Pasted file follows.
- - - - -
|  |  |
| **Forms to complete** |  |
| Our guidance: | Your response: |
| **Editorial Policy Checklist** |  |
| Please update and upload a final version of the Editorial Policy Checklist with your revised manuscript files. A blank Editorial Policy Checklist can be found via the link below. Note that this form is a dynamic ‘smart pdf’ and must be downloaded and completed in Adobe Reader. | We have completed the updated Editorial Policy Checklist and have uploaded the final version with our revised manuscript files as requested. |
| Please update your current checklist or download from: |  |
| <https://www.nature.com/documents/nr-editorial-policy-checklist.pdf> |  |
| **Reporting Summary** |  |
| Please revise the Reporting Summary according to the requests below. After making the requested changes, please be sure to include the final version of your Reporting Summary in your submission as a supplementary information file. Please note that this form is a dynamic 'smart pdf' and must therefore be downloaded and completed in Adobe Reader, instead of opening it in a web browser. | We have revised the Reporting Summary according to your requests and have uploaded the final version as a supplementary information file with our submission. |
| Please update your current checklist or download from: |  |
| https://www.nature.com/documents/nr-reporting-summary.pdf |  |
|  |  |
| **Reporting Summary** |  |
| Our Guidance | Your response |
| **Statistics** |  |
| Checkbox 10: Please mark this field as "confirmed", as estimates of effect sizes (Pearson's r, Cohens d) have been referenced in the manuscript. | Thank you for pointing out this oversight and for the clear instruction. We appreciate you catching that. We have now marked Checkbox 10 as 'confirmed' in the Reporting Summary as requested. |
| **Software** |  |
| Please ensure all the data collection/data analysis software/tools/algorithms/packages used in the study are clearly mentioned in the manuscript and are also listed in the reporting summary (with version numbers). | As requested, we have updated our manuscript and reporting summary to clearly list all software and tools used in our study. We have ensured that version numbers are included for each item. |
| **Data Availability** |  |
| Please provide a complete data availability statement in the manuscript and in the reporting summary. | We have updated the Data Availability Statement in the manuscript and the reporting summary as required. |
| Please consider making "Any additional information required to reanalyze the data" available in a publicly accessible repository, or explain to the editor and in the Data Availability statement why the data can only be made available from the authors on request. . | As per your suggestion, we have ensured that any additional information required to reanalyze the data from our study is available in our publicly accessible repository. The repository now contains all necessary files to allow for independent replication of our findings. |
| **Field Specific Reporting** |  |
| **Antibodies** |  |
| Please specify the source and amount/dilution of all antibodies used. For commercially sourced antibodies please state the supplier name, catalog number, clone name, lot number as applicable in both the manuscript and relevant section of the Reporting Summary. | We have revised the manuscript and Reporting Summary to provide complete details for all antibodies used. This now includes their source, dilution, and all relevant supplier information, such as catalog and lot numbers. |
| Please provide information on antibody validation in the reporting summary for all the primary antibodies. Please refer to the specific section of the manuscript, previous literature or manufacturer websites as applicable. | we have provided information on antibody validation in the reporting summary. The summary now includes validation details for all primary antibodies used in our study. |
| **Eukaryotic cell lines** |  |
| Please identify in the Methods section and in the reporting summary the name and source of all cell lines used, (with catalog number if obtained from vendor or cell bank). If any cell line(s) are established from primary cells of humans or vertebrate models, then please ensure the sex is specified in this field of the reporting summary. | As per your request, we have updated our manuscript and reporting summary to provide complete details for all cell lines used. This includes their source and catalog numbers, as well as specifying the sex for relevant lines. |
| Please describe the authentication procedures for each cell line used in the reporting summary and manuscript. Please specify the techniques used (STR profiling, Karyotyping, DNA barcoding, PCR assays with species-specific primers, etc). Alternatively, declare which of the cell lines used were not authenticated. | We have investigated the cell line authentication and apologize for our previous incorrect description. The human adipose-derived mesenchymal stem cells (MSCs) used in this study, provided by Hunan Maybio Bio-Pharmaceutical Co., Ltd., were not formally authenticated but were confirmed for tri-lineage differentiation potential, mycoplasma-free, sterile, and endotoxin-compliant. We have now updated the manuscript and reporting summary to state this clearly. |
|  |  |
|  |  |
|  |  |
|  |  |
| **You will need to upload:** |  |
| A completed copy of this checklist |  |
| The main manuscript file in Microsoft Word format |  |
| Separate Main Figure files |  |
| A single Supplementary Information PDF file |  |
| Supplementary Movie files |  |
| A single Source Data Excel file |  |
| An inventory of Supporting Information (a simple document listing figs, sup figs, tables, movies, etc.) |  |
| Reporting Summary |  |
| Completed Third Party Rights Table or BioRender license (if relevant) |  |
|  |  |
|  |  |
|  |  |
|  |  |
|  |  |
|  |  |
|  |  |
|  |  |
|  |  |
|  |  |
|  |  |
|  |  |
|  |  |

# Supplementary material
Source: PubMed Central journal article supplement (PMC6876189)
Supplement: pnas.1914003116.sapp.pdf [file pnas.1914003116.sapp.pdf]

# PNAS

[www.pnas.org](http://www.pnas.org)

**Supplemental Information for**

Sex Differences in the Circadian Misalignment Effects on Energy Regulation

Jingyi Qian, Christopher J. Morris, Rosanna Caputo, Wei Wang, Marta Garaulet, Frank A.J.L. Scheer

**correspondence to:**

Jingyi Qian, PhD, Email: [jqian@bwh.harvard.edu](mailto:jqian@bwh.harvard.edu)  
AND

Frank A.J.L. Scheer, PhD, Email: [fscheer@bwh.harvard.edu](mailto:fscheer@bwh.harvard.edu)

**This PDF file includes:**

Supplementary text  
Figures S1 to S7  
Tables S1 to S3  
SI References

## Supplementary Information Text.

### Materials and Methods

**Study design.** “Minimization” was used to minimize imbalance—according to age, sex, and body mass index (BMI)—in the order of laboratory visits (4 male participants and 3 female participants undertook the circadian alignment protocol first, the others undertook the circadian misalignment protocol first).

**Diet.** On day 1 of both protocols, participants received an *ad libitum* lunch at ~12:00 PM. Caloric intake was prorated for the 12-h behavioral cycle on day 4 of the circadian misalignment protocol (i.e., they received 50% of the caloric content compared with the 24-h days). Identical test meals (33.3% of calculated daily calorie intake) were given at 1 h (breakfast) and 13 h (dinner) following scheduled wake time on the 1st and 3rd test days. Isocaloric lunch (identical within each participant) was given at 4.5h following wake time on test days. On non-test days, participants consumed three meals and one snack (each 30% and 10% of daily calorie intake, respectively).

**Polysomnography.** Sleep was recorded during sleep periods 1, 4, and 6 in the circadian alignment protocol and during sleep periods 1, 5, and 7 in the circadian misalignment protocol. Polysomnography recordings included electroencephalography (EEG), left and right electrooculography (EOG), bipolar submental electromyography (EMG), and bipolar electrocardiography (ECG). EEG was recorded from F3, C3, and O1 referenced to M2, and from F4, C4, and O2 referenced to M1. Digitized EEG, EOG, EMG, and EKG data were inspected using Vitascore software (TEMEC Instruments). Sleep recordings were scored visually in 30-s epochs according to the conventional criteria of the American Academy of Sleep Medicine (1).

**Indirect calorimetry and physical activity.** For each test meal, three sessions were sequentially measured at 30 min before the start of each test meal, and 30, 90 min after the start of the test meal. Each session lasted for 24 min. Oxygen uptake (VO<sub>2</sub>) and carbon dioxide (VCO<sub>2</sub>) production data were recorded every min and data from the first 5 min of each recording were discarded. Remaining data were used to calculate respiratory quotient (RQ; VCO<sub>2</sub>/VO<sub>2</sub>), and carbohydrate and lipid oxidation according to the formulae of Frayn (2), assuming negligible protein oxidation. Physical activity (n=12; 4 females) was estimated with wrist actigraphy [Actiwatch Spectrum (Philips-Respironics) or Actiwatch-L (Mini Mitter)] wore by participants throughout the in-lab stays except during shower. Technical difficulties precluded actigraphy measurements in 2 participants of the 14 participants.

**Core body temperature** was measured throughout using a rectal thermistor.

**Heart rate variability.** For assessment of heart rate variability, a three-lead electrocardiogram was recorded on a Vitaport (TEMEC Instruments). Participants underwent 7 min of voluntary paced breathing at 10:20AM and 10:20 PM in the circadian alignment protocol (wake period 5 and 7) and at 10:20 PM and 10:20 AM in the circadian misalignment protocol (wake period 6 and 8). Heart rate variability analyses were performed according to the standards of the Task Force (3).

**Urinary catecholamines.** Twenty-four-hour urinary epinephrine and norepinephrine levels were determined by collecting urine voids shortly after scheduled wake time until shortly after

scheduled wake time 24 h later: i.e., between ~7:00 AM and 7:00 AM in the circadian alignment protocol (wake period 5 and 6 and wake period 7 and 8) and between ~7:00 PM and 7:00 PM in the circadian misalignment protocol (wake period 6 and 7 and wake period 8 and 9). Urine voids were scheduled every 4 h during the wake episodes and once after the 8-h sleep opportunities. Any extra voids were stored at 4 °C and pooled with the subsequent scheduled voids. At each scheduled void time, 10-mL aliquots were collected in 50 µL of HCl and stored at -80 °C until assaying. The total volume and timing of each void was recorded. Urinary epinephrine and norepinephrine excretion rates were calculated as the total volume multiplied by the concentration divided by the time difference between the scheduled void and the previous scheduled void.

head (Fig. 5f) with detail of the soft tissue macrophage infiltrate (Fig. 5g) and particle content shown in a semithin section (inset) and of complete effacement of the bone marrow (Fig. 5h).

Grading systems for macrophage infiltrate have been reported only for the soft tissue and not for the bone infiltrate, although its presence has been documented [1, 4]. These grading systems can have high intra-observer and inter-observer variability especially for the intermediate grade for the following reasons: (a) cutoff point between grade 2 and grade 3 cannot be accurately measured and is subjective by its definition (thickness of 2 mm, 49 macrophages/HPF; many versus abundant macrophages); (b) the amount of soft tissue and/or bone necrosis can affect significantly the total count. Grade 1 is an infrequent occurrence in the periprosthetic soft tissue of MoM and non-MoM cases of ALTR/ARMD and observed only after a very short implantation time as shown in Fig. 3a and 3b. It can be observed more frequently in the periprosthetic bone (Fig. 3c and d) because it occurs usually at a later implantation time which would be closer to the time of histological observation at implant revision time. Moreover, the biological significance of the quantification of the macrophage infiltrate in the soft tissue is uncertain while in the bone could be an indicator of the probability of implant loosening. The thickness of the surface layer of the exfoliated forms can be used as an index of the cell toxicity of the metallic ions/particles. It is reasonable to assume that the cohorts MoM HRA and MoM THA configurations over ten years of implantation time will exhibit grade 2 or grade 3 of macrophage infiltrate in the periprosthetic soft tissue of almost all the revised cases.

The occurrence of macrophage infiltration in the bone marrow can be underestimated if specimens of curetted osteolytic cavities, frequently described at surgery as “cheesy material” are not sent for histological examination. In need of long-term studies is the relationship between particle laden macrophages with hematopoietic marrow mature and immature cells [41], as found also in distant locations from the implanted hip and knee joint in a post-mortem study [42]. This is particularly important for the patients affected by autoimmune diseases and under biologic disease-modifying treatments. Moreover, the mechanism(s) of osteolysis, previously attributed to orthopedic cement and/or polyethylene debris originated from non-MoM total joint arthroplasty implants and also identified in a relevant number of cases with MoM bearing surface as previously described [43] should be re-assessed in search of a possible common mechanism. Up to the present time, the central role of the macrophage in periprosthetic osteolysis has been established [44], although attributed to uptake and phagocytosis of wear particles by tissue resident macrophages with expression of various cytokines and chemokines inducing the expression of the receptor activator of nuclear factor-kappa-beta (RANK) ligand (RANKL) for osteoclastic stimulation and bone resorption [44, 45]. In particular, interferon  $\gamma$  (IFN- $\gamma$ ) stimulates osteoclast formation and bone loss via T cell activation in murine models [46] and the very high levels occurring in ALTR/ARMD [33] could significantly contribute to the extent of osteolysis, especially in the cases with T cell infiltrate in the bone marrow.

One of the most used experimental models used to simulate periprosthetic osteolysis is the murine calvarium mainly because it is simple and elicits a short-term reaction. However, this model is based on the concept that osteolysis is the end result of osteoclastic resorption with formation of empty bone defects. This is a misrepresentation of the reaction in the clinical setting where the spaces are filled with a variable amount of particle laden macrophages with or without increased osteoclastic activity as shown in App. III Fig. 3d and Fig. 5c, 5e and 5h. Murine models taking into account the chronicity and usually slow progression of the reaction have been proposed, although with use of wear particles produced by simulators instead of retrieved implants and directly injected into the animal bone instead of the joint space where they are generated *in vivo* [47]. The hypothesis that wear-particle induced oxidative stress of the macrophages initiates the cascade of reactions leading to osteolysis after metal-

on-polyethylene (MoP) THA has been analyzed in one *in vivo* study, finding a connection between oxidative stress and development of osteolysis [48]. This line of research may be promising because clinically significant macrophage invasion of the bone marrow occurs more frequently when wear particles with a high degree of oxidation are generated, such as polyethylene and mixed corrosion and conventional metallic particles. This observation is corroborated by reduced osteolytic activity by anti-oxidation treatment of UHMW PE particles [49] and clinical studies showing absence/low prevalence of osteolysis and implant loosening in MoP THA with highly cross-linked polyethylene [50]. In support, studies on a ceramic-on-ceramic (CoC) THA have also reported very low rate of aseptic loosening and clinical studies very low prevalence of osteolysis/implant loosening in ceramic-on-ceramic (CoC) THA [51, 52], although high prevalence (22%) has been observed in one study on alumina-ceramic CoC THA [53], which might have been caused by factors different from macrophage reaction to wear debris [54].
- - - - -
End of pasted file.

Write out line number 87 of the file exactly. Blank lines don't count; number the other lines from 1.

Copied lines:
on-polyethylene (MoP) THA has been analyzed in one *in vivo* study, finding a connection between oxidative stress and development of osteolysis [48]. This line of research may be promising because clinically significant macrophage invasion of the bone marrow occurs more frequently when wear particles with a high degree of oxidation are generated, such as polyethylene and mixed corrosion and conventional metallic particles. This observation is corroborated by reduced osteolytic activity by anti-oxidation treatment of UHMW PE particles [49] and clinical studies showing absence/low prevalence of osteolysis and implant loosening in MoP THA with highly cross-linked polyethylene [50]. In support, studies on a ceramic-on-ceramic (CoC) THA have also reported very low rate of aseptic loosening and clinical studies very low prevalence of osteolysis/implant loosening in ceramic-on-ceramic (CoC) THA [51, 52], although high prevalence (22%) has been observed in one study on alumina-ceramic CoC THA [53], which might have been caused by factors different from macrophage reaction to wear debris [54].